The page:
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Chile (above) and Honduras are the only Latin American countries that participate in Trends in International Mathematics and Science Study (TIMSS).  (Photo: Chile's Education Ministry)
Monday, March 18, 2013

Education: Latin America Needs Rankings

Latin America needs to participate in all international education rankings.



It has become such a habit that it is hardly news to report it again – a number of Asian countries are yet again on the top of another education ranking. This time, it’s the mathematics and science rankings for fourth and eighth grade. Singapore, Korea, Hong Kong, Chinese Taipei and Japan all outperformed the remaining countries in both categories. This was the result of the most recent Trends in International Mathematics and Science Study (TIMSS), released last December, which proved again what we all already know. However, it also highlighted a few that we did not.


Every four years since 1995, the TIMSS has been conducting assessments in mathematics and science at the fourth and eighth grade levels. In 2011, seventy four educational systems participated, including countries, states and sub-national entities, like Hong Kong or Dubai. This time, TIMSS joined forces with the Progress in International Reading Literacy Study, PIRLS, which is also performed every five years, and provides information about reading achievement in fourth grade.


Both tests are conducted by the International Association for Evaluation of Educational Achievement, a coalition of research institutions and government research agencies related to education, and they sample more than 600,000 students around the world.


Though they ranked among the lowest in the two studies, only two Latin-American countries, Chile and Honduras, agreed to participate. It was the first experience for Honduras, which had not participated in any international assessment since 1997, and the third for Chile, which takes part regularly in the OECD’s Program for International Student Assessment (PISA) tests and usually outperforms its neighbors in the region. Educational authorities in Honduras highlighted the importance of participating in these initiatives to measure the quality of its educational system as well as to provide an opportunity to make adjustments in the future. It’s a lesson the rest of Latin America should pay close attention to.


The report shows that in the United States, fourth-graders scored higher than four years ago, but that the gap between the US and the top performing countries is getting wider, in particular among eight graders. Equally as important – and worrying – the report shows sharp inequality between states with regards to access to quality education. Eighth graders in Minnesota and Massachusetts scored like Asian students but others, in places like California and Alabama, scored much lower than the national average.


Inequality is even more apparent when comparing poverty indicators and achievement results. The report measures low-income schools by looking at the number of students receiving free or reduced-price lunches. Schools with 75 percent of students under those conditions – which are also disproportionately minority – performed below the US national average, but also well below the international average. This adds to the outgoing current debate in the United States about the achievement gap between white and minority students.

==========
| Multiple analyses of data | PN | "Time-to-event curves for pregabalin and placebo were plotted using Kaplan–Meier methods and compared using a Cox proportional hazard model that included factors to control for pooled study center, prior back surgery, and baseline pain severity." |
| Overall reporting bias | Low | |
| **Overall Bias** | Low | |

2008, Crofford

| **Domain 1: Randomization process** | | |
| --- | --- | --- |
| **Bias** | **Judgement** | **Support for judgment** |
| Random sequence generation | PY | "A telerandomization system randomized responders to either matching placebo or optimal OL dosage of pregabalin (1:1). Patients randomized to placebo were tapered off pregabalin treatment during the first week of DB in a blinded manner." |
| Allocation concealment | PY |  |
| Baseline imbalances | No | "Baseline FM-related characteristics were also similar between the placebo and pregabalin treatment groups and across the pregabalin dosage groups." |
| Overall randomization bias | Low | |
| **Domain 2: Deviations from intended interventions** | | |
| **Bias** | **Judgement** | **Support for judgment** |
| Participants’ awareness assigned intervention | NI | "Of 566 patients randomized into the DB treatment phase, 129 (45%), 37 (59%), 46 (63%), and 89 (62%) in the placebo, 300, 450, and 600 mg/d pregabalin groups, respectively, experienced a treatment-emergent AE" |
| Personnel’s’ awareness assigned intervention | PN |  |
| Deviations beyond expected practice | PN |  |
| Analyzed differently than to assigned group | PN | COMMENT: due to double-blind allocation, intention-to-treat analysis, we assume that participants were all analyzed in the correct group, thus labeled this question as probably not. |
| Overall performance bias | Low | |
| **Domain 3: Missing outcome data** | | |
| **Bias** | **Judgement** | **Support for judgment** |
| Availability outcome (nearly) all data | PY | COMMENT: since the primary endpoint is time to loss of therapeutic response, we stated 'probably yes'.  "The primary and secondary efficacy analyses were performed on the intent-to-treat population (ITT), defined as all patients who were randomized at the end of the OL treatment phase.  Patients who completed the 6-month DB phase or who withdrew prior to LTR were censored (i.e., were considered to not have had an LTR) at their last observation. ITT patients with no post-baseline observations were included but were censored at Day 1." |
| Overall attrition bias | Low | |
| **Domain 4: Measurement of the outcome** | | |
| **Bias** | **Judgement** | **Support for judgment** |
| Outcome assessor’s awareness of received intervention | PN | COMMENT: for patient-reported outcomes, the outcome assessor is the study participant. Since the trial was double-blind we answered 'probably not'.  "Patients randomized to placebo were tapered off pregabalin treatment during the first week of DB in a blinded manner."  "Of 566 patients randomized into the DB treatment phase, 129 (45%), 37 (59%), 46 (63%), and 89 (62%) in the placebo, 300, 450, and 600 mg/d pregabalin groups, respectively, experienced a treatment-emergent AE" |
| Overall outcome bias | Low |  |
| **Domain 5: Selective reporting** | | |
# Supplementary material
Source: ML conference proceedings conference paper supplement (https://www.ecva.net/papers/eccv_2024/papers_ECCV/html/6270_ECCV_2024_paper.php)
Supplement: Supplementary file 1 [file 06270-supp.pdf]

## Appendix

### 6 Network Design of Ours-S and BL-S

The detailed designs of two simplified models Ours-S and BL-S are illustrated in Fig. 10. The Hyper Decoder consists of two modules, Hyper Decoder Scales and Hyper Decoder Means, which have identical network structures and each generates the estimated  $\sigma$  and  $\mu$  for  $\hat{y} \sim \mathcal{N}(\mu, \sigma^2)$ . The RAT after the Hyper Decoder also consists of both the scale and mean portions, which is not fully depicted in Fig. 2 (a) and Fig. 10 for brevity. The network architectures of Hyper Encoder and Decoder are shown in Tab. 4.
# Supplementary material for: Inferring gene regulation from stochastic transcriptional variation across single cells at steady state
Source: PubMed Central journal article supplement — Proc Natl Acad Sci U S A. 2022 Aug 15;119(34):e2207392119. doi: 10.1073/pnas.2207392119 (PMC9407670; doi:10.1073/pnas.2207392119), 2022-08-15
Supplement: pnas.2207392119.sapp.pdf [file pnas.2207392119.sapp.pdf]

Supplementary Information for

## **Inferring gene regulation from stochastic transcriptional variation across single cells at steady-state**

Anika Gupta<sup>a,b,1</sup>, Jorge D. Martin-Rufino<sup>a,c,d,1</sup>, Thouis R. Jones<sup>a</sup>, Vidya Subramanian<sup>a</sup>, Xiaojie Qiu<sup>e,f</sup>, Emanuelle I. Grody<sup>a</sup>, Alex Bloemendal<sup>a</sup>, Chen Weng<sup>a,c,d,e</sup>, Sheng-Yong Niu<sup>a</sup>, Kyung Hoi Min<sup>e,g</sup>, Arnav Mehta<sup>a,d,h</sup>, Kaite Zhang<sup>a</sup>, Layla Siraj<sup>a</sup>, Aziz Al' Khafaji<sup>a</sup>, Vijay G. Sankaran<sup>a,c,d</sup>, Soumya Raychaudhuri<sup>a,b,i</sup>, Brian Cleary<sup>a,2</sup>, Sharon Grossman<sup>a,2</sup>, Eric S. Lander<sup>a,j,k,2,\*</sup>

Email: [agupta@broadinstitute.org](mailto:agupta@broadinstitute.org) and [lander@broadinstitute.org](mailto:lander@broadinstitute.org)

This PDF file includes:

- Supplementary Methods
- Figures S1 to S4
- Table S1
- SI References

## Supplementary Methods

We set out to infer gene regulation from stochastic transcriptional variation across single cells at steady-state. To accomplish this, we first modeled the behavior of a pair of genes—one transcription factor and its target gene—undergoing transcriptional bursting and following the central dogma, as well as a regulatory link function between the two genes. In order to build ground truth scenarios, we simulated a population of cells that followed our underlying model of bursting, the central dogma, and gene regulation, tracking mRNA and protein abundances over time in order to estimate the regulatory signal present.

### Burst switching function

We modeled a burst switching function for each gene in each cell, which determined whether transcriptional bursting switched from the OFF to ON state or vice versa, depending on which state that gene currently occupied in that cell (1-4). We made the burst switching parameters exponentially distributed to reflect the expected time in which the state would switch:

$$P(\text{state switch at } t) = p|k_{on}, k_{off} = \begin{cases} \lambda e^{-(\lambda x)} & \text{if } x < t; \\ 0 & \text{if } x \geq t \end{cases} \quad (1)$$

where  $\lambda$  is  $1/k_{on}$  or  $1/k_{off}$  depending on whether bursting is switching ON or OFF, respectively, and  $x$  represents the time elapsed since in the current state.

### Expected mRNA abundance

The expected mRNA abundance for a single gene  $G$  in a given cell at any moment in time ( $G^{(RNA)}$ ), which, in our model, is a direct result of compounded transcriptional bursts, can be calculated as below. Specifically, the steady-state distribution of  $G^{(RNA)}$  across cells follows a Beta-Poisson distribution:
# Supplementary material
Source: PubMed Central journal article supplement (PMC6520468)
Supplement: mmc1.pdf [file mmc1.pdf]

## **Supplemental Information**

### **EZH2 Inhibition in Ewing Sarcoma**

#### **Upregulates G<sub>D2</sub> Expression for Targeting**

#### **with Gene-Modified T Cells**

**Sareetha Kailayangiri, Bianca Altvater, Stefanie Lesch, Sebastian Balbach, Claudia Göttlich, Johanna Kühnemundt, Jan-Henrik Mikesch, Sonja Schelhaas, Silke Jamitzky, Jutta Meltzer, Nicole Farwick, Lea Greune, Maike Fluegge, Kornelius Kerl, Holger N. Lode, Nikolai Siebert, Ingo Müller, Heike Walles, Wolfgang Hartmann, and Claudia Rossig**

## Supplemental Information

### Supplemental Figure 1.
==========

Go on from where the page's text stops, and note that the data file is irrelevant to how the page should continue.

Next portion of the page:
The TIMMS test admittedly doesn’t assess the entire education performance of a country, but it does point to some very interesting relationships. For example, the report shows that “more countries demonstrate relative strength in knowing mathematics than in applied reasoning.” In fact, cognitive skills like reasoning – so-called “21st century” skills – is key to progress in professional life but is usually left out of international evaluations due to the complexity of measuring it.


Another interesting relationship, increasingly accepted among both academics and practitioners, is that “literary activities during the preschool years can have beneficial effects on children’s later acquisition of numeracy skills.” Evidence continues to mount that early childhood development is incredibly crucial for developing cognitive skills, and is thus fundamental to success in later years of education. Crucially, early development not only refers to formal education but also to nutrition, health, and emotionally stability and support, meaning that poverty and conflict in home life is disastrous for educational attainment later in life. The report shows, for instance, a clear link between student success and supportive home backgrounds and schools with motivating teachers.


TIMSS, like the PISA assessments and other similar evaluations, are important for comparing the educational situations of countries and regions, as they create points of reference and benchmarks. Unfortunately, however, they don’t say much about lessons learnt or policies that governments should promote in order to improve their results. As Brookings senior fellow Tom Loveless says, “these kinds of tests are very good at telling us who’s ahead in the race. They don’t have a lot to say about causes or why countries are where they are.” That is where there is still much work to be done.

Gabriel Sanchez Zinny is managing partner at Blue Star Strategies. He wrote this column for

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